If you've read any of my previous blogs you know just how different my parents are. My mom is a classy lady who is put together and organized. My daddy…not so much. Occasionally, mom would leave my sister and me in the care, custody, and control of our father. Now when daddy disciplined, he disciplined from his choleric side which was big enough to make a lasting impression if you know what I mean. Other than that, he is completely sanguine. Lori and I would often complain to him that the way he was doing things was all wrong. Why? Because he wasn't doing it mom's way which was after all the only way. Mom never procrastinated. Daddy could wing almost anything. Mom had a calm appearance but was most likely paddling like crazy beneath the surface. Daddy would be swimming in figure eights just because it was fun and because he got someone to follow him. Mom was steady as you go, and daddy seemed to burst forth at the most unexpected times with spontaneity. And Lori and I thought all of this was normal…actually, we just thought mom was normal. Mom had her coupons and paperwork neat, tidy and in alphabetical order. Daddy had mounds of paper on his desk, but if you asked him for something, most of the time he could find it.
Variety is the spice of life, isn't it? Normally, I quite enjoy variety and spontaneity…until it comes to my house, my kids, my life, etc. My husband is very laid back and is the youngest sibling. I am very choleric that has mellowed a lot over the years and have had some of the edges knocked off. I am also the oldest of two. Over the past year, God has been teaching me to accept our differences, to keep my mouth shut, to be appreciative of things when Patrick does something, and to allow the differences is exist in our home. It has not been pretty. It has not been fun for me, but I know it's what I need to do in order to grow. After all, as my daddy says, "There is more than one way to skin a cat." (That's really rather gross, isn't it?) I am by no means to the point of just accepting things and rolling with it, but I have come a long way especially since we were first married.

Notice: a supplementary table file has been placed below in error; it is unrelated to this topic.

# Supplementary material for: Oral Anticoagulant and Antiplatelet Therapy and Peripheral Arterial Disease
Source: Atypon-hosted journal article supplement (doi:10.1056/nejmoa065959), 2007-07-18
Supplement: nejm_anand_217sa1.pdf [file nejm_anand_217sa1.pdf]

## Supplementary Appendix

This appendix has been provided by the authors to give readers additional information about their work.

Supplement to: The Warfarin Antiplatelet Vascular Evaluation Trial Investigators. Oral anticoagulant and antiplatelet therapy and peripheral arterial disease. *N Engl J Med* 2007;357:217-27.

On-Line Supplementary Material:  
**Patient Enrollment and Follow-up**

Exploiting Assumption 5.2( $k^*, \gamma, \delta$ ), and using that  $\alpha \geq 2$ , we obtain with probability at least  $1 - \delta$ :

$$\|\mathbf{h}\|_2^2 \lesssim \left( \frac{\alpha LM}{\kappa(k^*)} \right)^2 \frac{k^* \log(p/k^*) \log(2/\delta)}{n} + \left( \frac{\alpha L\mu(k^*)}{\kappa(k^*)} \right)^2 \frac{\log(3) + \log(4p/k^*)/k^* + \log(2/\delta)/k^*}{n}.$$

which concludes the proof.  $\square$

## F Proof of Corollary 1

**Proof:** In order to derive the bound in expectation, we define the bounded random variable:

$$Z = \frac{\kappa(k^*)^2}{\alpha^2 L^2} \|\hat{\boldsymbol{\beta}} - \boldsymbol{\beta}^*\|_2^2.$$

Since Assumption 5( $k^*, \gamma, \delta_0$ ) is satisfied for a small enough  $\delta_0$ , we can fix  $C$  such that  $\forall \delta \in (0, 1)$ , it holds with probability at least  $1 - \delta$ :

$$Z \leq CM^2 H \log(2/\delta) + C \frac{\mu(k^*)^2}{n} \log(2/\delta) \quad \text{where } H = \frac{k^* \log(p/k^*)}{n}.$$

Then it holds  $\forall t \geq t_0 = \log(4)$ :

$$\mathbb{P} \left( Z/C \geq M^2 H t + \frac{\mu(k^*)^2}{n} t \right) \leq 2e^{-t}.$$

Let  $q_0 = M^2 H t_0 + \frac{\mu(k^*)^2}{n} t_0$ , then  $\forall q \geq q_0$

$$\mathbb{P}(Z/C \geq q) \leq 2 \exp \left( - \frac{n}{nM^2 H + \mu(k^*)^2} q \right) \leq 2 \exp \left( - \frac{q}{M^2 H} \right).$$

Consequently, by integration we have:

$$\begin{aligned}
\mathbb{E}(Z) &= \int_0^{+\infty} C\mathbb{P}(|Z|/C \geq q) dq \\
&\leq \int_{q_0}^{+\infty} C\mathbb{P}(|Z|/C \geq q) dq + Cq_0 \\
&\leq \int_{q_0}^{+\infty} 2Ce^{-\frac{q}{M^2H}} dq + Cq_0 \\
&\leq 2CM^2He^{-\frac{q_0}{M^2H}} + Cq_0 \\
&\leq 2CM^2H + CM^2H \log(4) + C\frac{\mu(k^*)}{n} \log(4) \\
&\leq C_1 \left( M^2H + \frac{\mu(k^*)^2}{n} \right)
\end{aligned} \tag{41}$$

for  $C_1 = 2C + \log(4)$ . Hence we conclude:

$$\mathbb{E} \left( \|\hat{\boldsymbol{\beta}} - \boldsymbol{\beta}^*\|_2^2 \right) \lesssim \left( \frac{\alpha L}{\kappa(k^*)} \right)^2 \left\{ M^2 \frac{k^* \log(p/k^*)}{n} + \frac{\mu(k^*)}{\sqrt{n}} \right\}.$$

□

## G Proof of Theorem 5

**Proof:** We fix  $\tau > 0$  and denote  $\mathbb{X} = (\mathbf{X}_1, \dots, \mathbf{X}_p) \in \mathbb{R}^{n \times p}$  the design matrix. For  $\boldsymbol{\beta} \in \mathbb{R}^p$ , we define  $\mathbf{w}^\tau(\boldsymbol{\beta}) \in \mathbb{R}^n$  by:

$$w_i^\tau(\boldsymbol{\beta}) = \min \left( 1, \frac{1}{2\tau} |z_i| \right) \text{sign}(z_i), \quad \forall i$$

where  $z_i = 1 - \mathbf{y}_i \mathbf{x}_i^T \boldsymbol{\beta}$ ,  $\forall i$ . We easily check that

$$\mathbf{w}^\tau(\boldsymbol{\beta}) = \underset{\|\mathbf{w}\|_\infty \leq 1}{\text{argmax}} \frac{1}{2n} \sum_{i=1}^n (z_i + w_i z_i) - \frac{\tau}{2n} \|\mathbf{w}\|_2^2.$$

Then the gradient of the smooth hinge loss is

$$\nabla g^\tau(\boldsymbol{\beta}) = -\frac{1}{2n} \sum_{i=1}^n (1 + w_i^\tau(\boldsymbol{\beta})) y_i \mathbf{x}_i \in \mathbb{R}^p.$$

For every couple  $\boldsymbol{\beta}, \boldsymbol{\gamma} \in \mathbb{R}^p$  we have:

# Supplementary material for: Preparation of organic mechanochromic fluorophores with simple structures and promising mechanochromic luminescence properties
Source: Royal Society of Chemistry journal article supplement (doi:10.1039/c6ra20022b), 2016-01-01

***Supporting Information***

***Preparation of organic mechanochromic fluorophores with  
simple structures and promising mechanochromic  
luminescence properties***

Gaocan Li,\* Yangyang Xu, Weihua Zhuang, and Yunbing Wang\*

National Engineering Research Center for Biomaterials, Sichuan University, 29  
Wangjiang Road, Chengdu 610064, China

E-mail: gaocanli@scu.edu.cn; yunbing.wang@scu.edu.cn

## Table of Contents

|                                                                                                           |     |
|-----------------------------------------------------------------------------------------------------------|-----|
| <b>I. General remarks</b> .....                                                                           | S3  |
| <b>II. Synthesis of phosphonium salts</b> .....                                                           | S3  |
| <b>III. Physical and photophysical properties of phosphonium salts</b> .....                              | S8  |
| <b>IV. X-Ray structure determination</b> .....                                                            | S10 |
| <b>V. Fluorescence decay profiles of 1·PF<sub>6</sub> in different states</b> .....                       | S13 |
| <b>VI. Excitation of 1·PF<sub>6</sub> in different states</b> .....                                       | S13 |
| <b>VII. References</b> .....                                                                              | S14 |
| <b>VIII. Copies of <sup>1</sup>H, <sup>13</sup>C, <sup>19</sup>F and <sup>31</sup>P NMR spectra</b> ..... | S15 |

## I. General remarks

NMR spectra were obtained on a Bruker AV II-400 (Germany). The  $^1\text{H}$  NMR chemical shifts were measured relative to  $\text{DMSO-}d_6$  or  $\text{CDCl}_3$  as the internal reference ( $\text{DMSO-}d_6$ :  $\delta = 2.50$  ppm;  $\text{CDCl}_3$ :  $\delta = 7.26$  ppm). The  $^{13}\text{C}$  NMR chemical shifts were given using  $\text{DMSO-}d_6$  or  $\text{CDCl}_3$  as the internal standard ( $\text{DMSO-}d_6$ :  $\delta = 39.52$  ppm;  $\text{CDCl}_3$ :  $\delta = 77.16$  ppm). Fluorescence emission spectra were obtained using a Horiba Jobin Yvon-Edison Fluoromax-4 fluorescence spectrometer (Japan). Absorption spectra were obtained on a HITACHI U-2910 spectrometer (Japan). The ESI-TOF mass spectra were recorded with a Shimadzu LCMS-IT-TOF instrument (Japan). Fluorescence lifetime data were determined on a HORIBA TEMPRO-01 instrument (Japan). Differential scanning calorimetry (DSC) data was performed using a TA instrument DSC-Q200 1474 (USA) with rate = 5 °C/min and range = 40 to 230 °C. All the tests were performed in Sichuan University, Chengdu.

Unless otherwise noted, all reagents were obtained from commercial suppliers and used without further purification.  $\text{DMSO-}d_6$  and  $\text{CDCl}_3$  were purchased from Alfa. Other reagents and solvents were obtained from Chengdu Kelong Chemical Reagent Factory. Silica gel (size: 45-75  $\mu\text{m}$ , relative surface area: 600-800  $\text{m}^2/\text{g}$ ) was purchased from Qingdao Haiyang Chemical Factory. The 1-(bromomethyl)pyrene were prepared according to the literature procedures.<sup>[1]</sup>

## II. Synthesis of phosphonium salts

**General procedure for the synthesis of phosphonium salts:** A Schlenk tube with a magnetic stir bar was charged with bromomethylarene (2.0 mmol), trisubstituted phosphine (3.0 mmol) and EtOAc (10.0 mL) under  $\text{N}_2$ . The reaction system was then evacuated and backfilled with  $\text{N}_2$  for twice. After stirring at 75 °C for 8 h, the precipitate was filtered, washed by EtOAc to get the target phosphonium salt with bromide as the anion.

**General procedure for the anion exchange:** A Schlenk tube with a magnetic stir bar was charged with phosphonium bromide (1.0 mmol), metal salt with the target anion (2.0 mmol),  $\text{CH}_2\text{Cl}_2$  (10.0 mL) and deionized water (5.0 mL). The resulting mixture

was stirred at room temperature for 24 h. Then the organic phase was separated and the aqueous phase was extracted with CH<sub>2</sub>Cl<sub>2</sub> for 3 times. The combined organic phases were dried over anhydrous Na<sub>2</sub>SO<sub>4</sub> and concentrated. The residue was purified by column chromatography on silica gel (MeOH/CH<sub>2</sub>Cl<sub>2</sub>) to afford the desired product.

When Patrick and I were first married I was extremely type A. All of my bowls were stacked neatly as well as the lids. My pantry was organized to where I could take a quick glance to see if I was low in some vegetable by looking in its spot. My underwear was perfectly folded and neatly placed in the drawer. I had no dust bunnies. This drove my poor husband INSANE! So, he did his best to drive me crazy. The Tupperware bowls that were above the sink were completely out of sequence and thrown into the cabinet and since I was the next one to open the door, I ended up wearing them on my head! There are still differences, but my mom has assured me that most couples meet somewhere in the middle after being married for a certain period of time. (I can't wait for the period of time, by the way!)
God has created us all differently. We have different talents, gifts, strengths, and abilities. To expect our spouses, friends or children to do things like we do is not necessarily realistic, but sometimes it's the hardest to accept differences within our own family. It's easy for me to accept the difference someone might have at work or at church. I can be quite accepting of the different temperaments and gifts, but for some reason, I expect my children to fall in line. How absurd is that? My children while adopted are so similar to Patrick and I it's not even funny, but regardless of how similar they are, they are still different. I want to be more accepting of their differences this year. I want to parent them in their differences, praise them for their individual strengths, and encourage their creativity and gifts which means I have to loosen the reigns in an area or two. To find what works for one child is a challenge because when I figure it out the child moves on to a different stage. To discover and to stay on track for two children is tiring and difficult, but this is what I want to do. Because in order for my children to accept differences in others they need to feel accepted for their differences in our home.
We serve a creative God, an ingenious God. We also serve a God who has a sense of humor.
Thank you, Lord, for not making a vanilla world with all vanilla people! Help me to enjoy the spice of life that lives in my own home this year.